By now, it's hardly news that an employee's social media mistakes – whether committed on a personal or business account – have real-world repercussions. The unfortunate person behind the Texas Rangers' social media account is just another number in this growing trend.
According to a report by The Dallas Morning News, the Texas Rangers' Twitter account blasted a strange tweet in response to the Longhorns' trampling TCU in a 50-7 defeat: "Fire Charlie. #bye." The tweet was referencing TCU's football coach Charlie Strong, and the Internet was quick to point out that the Rangers probably shouldn't have such a public opinion about the employment status of another team's coach.
Though the tweet was probably meant for the employee's personal account, the report notes the Texas Rangers quickly fired the employee over the debacle and issued a public apology that assured fans the tweet does not reflect the team's ideas about the University of Texas' head football coach.
Let's see how your business can avoid these foot-meets-mouth moments online.
How the Social Media Bullhorn Can Land You in Court
It's easy to publish a tweet or status update that you regret later. Social media is cathartic in that you can vent to the digital abyss and sometimes get some validation from your friends and followers about your situation or feelings.
When you're a business owner, anything you publish online reflects on your business, even if it is from your personal account. For example, if you spout off about a competitor, that business may sue you over defamation (unless what you say is 100 percent objectively true, and that is so rarely the case with opinions).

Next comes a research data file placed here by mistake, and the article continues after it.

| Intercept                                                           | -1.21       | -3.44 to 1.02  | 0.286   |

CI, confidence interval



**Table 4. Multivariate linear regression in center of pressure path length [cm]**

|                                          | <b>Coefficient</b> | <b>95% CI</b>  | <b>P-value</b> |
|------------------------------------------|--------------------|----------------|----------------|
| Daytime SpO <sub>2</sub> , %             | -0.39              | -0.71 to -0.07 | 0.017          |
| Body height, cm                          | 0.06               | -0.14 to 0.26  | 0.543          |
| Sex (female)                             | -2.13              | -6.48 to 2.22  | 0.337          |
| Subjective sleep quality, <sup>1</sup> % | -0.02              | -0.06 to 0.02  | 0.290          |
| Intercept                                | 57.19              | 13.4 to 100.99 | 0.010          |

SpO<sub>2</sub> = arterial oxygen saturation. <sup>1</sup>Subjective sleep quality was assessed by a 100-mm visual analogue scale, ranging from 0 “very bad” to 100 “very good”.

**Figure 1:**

Most General Liability Insurance policies have advertising injury coverage, which can step in when social media gaffes land you with a lawsuit. For example, this coverage may pay for legal expenses when someone sues your business over:
- Libel or slander (e.g., posting a negative and business-hurting comment about a competitor).
- Invasion of privacy.
- Copyright infringement (e.g., posting someone's copyrighted photo to your business's Facebook Timeline without their permission).
- Trademark infringement.
- Using someone's image, words, or likeness without their consent.
You can learn more about advertising injuries in Chapter 2 of our free eBook Tweet or Twibel: The Small-Business Owner's Guide to Advertising Injury.
What to Do When Your Employees Become a Social Media Liability
Though social media has many benefits for a small business – free advertising and brand building, for starters – it's not without its drawbacks. Among its pitfalls is the fact that there is little separation between the business and personal world for you and your employees.
Chances are most of your employees proudly display where they work on their LinkedIn, Facebook, and Twitter pages. That's a nice added bit of exposure for your business, but it can also be a gamble.
What if some employees are bullies or just outright jerks in their online off time? It happens more often than we'd like to think (see Huffington Post's report on a Cold Stone Creamery employee who tweeted racial slurs about President Obama from her personal account in 2012). Meanwhile, your company's logo blazes under their profile picture.
Your employees' online behavior can reflect poorly on your business, leading some potential clients and customers to believe those attitudes and behaviors are tolerated or even endorsed by your business. What do you do?
- Let the offending employee go and apologize for their behavior. This is what the public has come to expect from businesses whose employees make a majorly offensive social media move.
- Try to keep employees from making these mistakes from the start. No, you can't control how your employees use their personal social media accounts. However, it's fair to let them know that if they cite your business on their personal profiles, you expect them to engage appropriately. (Related reading: "Are You Liable for Your Employees' Social Media Blunders?")
Lastly, for employees that run your business's social media accounts, you should have a social media policy in place that outlines acceptable and unacceptable posts based on your brand's values. For a guide on how to create such a policy, read "Small Businesses: Create a Social Media Policy that Works."